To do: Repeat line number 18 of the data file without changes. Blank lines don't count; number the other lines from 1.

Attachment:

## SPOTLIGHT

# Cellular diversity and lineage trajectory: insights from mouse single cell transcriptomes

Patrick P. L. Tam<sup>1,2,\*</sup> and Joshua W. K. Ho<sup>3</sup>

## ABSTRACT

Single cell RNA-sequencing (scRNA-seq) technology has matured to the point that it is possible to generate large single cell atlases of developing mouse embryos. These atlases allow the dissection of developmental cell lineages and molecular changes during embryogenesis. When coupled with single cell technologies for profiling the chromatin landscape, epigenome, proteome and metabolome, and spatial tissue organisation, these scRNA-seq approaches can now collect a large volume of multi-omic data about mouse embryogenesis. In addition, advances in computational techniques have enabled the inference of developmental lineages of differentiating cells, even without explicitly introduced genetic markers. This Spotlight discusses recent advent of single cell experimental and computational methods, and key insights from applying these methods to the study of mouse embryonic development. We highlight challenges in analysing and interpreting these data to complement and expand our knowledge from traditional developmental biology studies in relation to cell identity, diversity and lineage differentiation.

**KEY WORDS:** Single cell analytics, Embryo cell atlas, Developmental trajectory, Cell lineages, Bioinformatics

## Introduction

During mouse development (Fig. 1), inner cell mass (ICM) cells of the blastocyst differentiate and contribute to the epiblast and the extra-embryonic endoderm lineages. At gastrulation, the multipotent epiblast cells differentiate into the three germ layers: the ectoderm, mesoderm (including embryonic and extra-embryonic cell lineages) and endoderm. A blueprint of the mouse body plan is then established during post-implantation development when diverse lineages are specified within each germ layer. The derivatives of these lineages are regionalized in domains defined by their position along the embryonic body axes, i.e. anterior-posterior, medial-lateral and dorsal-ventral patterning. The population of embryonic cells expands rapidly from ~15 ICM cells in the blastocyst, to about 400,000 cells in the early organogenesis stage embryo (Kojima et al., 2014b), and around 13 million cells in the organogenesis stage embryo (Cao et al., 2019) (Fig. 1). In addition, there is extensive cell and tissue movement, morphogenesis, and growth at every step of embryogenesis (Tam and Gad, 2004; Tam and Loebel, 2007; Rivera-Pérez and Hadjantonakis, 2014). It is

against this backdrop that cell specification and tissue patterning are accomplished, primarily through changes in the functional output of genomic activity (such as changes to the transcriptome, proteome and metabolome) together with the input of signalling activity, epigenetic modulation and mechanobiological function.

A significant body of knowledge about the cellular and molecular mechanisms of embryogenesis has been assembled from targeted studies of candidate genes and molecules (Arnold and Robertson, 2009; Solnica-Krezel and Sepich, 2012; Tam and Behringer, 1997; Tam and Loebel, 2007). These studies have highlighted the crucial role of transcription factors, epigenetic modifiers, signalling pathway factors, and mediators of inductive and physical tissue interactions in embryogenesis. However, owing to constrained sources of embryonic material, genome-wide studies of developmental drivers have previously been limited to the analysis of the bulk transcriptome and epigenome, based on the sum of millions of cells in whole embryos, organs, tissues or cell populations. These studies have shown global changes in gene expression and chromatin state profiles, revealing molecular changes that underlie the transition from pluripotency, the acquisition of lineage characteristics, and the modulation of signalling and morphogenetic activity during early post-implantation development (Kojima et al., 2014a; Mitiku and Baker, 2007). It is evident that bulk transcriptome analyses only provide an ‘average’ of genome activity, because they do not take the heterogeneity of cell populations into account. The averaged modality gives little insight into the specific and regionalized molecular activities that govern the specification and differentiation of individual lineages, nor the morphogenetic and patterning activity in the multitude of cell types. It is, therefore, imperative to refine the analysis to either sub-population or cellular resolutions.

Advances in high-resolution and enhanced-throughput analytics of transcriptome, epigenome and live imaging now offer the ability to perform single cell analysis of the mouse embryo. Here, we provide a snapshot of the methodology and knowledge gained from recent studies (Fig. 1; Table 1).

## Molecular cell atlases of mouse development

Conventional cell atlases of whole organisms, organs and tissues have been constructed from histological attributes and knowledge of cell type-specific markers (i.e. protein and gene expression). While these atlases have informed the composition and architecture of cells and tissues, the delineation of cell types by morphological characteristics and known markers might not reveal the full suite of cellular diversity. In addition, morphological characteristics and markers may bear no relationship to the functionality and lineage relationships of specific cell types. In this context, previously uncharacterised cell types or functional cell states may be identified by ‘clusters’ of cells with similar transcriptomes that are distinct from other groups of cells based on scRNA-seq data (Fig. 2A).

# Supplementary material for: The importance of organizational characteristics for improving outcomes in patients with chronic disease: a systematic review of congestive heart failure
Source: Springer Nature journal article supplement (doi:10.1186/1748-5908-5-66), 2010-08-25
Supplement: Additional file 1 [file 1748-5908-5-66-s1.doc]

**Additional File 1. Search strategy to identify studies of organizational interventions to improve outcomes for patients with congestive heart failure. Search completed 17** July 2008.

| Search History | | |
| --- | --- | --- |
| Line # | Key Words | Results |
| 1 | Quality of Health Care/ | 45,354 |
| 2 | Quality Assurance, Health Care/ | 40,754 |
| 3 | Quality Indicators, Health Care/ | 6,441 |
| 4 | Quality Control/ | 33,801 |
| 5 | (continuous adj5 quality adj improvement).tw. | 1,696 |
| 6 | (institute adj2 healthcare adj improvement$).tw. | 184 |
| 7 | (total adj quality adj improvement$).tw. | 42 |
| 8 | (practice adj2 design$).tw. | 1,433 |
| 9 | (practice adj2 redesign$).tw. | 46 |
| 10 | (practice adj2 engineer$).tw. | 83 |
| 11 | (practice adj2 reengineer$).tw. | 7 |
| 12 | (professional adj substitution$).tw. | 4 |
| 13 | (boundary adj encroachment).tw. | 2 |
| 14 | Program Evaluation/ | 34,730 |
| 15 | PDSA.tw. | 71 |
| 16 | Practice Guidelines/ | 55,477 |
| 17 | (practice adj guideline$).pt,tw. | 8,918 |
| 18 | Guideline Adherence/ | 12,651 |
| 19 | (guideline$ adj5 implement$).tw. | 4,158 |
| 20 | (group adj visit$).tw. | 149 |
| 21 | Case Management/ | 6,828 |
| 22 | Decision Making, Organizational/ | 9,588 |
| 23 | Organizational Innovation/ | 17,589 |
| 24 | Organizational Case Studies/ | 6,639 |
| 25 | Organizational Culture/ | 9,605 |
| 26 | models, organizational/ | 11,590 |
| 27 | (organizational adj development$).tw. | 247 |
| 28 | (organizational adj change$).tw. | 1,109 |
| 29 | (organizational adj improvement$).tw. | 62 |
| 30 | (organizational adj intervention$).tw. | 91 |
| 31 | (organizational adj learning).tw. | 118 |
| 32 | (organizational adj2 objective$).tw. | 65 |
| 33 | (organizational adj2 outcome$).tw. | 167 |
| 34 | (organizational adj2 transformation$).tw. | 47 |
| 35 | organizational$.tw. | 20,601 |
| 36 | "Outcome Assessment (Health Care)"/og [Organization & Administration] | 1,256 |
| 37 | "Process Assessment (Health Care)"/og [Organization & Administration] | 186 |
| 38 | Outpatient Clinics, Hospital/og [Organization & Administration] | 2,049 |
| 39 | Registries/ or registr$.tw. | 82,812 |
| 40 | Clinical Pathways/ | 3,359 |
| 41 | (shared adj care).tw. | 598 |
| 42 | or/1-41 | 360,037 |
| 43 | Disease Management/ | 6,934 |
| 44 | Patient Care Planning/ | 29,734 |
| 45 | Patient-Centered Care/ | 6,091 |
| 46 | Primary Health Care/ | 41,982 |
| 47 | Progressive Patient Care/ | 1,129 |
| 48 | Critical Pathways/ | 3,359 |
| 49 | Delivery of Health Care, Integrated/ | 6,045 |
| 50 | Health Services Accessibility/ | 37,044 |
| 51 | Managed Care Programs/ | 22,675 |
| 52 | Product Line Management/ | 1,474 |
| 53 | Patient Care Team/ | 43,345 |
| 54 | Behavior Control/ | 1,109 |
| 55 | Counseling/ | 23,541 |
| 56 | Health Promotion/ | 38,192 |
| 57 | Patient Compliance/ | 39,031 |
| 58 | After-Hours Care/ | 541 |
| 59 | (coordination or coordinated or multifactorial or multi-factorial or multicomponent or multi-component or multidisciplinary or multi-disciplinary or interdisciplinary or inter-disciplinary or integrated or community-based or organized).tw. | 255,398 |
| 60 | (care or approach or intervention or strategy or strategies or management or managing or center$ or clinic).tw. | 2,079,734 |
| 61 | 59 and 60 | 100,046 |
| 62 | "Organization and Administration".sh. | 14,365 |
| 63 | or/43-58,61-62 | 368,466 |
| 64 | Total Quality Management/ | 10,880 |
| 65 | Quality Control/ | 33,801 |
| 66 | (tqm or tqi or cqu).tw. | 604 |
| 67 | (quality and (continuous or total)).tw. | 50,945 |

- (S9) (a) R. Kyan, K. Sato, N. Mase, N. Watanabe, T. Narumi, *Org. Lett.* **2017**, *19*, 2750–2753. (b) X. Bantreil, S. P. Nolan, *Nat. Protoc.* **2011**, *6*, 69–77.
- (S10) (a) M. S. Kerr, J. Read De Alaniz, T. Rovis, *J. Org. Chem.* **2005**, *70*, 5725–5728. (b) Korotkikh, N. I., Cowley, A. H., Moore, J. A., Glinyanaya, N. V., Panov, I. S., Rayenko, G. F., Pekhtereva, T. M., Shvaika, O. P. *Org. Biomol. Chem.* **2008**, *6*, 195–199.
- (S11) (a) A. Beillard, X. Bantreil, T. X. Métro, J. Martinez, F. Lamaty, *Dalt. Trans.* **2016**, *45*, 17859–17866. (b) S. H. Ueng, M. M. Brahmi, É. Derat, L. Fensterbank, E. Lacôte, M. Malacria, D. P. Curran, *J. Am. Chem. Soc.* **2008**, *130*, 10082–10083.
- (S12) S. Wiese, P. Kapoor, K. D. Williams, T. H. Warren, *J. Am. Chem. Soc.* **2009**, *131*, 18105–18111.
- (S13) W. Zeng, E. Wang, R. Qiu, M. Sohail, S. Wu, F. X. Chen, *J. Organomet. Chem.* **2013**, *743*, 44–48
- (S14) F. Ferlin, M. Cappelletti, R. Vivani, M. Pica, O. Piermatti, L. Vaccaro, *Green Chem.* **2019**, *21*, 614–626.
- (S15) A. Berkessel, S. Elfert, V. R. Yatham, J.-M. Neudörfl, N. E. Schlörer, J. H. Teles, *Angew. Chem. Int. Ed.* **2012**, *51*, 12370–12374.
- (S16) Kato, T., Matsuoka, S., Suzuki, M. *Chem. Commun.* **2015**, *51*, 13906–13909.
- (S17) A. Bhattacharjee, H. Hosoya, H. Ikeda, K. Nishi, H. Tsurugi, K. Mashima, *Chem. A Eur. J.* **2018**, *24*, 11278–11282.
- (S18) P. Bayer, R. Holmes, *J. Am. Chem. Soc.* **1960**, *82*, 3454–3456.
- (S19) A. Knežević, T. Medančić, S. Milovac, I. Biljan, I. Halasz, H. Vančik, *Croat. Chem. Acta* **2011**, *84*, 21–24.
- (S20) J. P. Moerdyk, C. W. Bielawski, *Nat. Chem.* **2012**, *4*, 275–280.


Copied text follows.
| Search History | | |